MediaFoundation for Metro

Media processing is not easy.  It’s more accurate to say its amazingly complicated.  With byte-streams, protocols, codecs, clocks, sample formats and rendering, there’s a lot of knowledge anyone needs to “just to be able to play some media.”  There are several libraries and frameworks out there that ease this task, putting only smaller burdens on developers so one may only need to know specifics about their specific domain.  MediaFoundation is a media processing framework from Microsoft.  It made its debut back in the Vista days and has been positioned in many ways as the successor to Microsoft’s previous media framework, DirectShow.  Since it’s first release, the framework has not stood still.  There have been a few things deprecated, and quite a few things added.

Metro, What’d You Do With My…

Like most familiar Windows technologies that are available in Metro, the framework has been slimmed down from it’s “desktop” API.  When I first investigated the difference, I had some anxiety.  A lot of what I knew of MediaFoundation and processing media was gone.  Giving a closer look, things didn’t look as bad as I first felt. Some things just didn’t fit the Metro sandbox others things I found wouldn’t be missed…and hopefully you won’t miss them either. 

MediaFoundation, Play Me Some Media

There’s quite a few ways to deal with reading of media in MediaFoundation…even in Metro, but each varies in complexity.  The main interfaces developers will probably use are the IMFMediaEngine and IMFSourceReader

Media Engine – Also known as the IMFMediaEngine, which is new to Windows 8.  This allows for fairly high level interaction with media, but has lower level extensibility points.  This is most likely the replacement for the deprecated  IMFPMediaPlayer.  The nice thing about this interface, is if you just want to load up an audio/video file, you only have to supply it with a source file (path, url, byte steam) and tell it to play.  To render video you can simply run TransferVideoFrame and render it with D3D or other means.  If you wish to make custom processing or effects, you would simply create an IMTransform and register it with IMFMediaEngine::InsertVideoEffect/InsertAudioEffect.  You can even register your own custom decoders and sources via the Windows Runtime class, “MediaExtensionManager”.  It may also be worth to mention that IMFMediaEngine seems to be what Microsoft uses inside the XAML MediaElement class and also in WinJS (you can see the similarity in the API).

Media Source Reader – Also known as the IMFSourceReader, which IIRC, is new to Windows 7 (but works on Vista now), but has features that are at the moment exclusive to Windows 8.  This is lower level than the IMFMediaEngine, but still is fairly high level when you consider everything it is handling for you.  The typical scenarios you’d use a source reader is when you simply just care about having access to media samples, whether compressed or uncompressed.  This may be a case where you already have a rendering/processing pipeline outside MediaFoundation. The closest analogy is the DirectShow “SampleGrabber” filter, but much more powerful and much easier to use.  One simply needs to create a media source with a url/path/byte-stream, configure it to deliver what you need (eg, uncompressed or untouched compressed samples).  You call IMFSourceReader::ReadSample(…) and you are on your way.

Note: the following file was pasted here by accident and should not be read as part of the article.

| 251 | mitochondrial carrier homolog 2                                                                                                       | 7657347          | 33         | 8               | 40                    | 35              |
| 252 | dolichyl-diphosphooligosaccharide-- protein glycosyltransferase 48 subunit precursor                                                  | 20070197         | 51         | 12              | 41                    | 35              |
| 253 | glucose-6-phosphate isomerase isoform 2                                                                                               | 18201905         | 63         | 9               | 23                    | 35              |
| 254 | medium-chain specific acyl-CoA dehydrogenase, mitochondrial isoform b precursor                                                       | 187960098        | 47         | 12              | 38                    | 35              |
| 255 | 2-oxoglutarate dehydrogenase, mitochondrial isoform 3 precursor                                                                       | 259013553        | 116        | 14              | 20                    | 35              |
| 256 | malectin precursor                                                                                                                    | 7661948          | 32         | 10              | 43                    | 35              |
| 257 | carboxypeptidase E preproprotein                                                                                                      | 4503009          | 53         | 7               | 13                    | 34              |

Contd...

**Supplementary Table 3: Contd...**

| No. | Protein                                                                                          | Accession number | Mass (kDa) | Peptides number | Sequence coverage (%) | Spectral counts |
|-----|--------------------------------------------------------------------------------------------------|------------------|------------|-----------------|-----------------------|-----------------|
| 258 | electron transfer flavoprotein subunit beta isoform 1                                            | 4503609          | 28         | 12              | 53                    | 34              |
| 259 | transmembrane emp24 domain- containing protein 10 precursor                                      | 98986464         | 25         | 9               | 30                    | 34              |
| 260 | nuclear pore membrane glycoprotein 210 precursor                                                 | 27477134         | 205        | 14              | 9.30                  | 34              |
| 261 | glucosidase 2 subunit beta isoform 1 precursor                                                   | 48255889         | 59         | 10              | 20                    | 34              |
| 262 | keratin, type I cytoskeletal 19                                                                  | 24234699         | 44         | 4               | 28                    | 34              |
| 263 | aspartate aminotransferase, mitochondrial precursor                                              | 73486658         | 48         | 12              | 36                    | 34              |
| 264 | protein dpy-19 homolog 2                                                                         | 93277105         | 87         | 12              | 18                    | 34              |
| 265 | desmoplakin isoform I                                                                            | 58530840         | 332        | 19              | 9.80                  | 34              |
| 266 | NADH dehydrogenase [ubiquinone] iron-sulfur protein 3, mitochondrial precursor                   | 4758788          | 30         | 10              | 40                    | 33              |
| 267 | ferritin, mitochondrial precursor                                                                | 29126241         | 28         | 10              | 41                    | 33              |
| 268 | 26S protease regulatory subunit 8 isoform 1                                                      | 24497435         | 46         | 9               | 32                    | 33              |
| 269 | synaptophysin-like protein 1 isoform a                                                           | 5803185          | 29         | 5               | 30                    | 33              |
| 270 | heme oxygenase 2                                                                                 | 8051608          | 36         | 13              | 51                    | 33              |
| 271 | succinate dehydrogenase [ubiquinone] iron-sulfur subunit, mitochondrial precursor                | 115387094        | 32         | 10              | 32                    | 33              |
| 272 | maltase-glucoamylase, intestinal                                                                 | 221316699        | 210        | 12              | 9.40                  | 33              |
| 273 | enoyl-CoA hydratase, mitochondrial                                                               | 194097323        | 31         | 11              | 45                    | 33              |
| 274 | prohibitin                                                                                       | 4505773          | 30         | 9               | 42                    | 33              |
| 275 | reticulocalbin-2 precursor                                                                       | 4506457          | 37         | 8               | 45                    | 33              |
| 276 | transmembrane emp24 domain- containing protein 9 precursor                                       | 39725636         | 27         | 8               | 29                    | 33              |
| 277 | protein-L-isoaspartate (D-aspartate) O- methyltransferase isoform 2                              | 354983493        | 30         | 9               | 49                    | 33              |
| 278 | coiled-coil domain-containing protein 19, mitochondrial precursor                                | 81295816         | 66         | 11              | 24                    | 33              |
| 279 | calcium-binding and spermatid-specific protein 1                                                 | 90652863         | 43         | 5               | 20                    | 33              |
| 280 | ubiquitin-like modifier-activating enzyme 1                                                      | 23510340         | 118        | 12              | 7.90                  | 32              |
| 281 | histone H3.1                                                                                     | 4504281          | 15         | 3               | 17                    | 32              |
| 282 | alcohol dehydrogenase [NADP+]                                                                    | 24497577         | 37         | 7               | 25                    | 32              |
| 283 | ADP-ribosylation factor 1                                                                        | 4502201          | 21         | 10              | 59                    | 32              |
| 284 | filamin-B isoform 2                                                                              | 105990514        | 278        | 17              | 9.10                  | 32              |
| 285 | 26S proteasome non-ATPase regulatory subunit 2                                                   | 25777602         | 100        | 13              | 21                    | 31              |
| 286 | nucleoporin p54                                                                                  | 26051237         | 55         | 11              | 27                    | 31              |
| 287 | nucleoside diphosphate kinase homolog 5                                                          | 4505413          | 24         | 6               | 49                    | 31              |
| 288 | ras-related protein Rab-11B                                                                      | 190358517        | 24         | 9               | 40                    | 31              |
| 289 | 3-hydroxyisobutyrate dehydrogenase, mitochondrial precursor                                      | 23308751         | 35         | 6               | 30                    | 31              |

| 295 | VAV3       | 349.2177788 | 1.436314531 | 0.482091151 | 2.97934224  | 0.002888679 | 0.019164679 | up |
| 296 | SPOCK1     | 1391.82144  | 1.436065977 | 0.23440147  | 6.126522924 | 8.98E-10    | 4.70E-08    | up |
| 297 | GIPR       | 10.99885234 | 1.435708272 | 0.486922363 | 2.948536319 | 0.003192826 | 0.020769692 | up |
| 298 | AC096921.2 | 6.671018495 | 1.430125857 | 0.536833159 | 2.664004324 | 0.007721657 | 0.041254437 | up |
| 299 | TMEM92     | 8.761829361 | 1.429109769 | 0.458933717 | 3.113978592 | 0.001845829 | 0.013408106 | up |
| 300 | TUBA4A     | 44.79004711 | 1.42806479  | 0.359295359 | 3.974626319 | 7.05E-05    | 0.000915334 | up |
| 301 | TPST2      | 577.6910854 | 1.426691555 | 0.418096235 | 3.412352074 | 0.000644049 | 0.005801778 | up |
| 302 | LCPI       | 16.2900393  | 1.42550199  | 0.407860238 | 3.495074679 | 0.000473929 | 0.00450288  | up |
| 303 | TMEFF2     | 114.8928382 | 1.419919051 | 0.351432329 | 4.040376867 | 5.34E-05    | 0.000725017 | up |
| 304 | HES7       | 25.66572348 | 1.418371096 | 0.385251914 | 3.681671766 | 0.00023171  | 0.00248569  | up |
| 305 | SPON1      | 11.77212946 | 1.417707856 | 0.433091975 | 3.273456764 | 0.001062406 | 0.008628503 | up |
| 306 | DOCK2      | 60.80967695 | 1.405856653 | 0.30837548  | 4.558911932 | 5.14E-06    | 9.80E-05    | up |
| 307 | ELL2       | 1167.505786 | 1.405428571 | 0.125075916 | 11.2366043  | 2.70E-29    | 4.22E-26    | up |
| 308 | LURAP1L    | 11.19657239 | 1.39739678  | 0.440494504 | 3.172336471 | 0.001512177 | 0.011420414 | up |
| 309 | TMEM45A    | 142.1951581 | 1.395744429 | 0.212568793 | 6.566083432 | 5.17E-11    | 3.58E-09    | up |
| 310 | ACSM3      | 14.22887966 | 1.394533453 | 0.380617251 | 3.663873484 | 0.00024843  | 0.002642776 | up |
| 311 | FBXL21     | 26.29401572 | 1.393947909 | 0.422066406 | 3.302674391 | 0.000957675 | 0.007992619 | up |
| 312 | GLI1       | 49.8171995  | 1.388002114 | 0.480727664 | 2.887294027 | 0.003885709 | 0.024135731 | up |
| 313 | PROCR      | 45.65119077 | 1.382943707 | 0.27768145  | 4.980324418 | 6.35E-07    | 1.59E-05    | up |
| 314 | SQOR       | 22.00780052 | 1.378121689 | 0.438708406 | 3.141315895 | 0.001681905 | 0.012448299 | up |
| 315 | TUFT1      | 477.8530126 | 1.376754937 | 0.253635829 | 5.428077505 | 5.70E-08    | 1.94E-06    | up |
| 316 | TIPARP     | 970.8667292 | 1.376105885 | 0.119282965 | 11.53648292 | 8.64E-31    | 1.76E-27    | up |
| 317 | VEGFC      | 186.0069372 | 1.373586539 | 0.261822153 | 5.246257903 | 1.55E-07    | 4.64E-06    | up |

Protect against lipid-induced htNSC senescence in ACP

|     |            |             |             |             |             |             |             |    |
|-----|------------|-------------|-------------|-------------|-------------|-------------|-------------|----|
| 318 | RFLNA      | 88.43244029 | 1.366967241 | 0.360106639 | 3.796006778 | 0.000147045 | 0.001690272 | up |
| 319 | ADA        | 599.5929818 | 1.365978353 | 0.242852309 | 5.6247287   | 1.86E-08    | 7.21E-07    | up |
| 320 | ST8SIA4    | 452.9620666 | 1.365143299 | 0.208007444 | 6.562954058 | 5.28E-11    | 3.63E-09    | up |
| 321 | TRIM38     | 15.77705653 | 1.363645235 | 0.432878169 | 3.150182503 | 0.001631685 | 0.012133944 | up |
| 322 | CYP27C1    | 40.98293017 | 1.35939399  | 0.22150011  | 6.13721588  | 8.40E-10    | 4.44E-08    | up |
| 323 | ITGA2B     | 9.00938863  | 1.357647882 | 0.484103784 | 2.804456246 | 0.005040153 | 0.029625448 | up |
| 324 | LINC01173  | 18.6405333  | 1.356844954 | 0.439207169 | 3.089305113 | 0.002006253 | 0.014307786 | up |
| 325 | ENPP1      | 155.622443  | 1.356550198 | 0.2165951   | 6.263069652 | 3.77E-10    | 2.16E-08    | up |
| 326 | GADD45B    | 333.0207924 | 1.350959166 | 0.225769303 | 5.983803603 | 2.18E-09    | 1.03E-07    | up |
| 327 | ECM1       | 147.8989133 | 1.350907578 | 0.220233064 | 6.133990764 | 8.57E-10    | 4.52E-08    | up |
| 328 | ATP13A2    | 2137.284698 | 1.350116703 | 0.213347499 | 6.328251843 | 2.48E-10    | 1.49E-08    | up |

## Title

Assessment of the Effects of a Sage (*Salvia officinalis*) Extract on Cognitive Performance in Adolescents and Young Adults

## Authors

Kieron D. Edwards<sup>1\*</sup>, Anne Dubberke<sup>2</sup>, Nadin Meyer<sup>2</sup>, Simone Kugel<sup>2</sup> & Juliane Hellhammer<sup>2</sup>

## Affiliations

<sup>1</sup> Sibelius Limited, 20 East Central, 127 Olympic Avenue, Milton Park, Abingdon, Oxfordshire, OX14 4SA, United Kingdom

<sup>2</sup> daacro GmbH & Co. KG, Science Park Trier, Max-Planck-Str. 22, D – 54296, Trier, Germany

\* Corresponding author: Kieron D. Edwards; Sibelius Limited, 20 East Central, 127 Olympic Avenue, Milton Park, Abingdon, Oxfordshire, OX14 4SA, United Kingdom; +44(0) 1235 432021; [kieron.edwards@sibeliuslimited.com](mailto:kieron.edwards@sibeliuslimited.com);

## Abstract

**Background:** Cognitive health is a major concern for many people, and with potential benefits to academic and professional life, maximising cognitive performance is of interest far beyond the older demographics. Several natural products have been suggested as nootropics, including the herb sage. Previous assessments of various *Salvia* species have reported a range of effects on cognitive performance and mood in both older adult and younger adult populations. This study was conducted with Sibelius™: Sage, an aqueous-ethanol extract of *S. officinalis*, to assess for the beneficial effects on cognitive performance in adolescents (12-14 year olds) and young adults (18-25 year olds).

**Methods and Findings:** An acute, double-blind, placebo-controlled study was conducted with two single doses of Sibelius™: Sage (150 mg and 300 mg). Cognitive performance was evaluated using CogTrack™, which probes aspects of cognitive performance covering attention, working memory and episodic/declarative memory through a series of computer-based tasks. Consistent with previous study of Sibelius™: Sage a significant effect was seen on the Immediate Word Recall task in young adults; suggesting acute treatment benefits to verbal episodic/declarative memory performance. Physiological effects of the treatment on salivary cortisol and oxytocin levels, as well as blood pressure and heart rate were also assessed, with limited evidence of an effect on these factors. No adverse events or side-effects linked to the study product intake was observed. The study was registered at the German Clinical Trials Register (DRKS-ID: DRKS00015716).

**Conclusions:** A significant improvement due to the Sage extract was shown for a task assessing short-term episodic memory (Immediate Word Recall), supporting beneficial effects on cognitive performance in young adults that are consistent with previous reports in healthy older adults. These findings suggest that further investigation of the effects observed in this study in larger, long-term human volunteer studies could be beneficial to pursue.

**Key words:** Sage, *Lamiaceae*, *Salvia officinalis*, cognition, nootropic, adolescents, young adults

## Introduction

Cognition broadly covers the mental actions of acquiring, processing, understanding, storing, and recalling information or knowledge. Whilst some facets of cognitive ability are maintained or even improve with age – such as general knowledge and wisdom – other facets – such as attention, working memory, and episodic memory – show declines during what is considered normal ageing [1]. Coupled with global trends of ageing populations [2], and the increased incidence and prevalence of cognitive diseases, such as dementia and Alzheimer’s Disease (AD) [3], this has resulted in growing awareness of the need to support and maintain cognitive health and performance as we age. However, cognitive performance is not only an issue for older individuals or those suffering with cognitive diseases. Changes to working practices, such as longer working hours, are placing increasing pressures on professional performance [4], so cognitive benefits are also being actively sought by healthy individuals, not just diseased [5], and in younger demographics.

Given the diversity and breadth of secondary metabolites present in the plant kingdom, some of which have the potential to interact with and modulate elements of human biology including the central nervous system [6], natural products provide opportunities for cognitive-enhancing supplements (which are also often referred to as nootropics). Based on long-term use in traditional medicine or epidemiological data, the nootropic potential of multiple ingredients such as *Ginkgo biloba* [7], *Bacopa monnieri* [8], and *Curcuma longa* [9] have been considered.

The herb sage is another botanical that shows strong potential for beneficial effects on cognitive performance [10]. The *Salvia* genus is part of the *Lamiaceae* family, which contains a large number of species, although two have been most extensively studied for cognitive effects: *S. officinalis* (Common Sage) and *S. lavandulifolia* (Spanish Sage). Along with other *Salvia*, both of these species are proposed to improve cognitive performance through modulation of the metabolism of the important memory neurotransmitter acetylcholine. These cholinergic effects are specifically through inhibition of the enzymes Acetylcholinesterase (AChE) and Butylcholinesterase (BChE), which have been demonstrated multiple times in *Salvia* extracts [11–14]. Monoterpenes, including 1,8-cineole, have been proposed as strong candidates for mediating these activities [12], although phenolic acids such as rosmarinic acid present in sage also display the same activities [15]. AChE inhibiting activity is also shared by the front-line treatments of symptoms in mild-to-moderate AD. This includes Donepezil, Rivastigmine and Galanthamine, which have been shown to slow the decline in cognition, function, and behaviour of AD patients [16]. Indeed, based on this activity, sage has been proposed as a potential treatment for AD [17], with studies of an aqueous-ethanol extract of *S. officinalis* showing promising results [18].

GPUs!?  How about them GPUs?!

GPUs are almost a requirement for any type of efficient decode and playback of media, specially with HD video and slow mobile processors.  It’s natural to want to offload as much of the video pipeline to as possible.  MediaFoundation has always supported DXVA for GPU decoding of certain media types (eg VC1 and H264) and also heavy things like deinterlacing and colorspace conversions.  Historically, MediaFoundation only supported Direct3D9, but with Windows 8, it has full support D3D11, and you should utilize it in Metro applications.

To enable GPU support with MediaFoundation, you should first familiarize yourself with the IMFDXGIDeviceManager.  This is usually created and configured with a D3D11 device by the developer and passed to MediaFoundation to allow synchronized access to the D3D device.

For the IMFMediaEngine, you would set MF_MEDIA_ENGINE_DXGI_MANAGER/IMFDXGIDeviceManager instance with the IMFAttributes you use to instantiate the IMFMediaEngine.  The IMFMediaEngine will then use the GPU where possible to accelerate the media pipeline.

For the IMFSourceReader, it is similar to IMFMediaEngine, but instead you use MF_SOURCE_READER_ENABLE_ADVANCED_VIDEO_PROCESSING/IMFDXGIDeviceManager instance with the IMFAttributes with the methods you use to instantiate the IMFSourceReader.  Without the “ADVANCE_VIDEO_PROCESSING” attribute, the IMFSourceReader will only return you back a format the decoder supports.  For instance, the H264 codec will give you a DXGI_FORMAT_NV12, which is not very helpful if you wish to do video processing with D3D or D2D.  With that attribute, you can get DXGI_FORMAT_R8G8B8X_UNORM, which can be used in Direct3D or blitted to a surface D2D supports.

Go Make Some Media Apps!

I hope to see some great media related applications in the Windows 8 App store that leverage MediaFoundation.  I also hope to contribute to some of those apps too.  If you are familiar with C++ and COM, you should find Metro MediaFoundation a delight to use.  Just make sure to RTFM, or you will waste lots of precious development time like I did.


  1. Pingback: Writing a Win8 App: Part 1 of Many « Jer's Hacks

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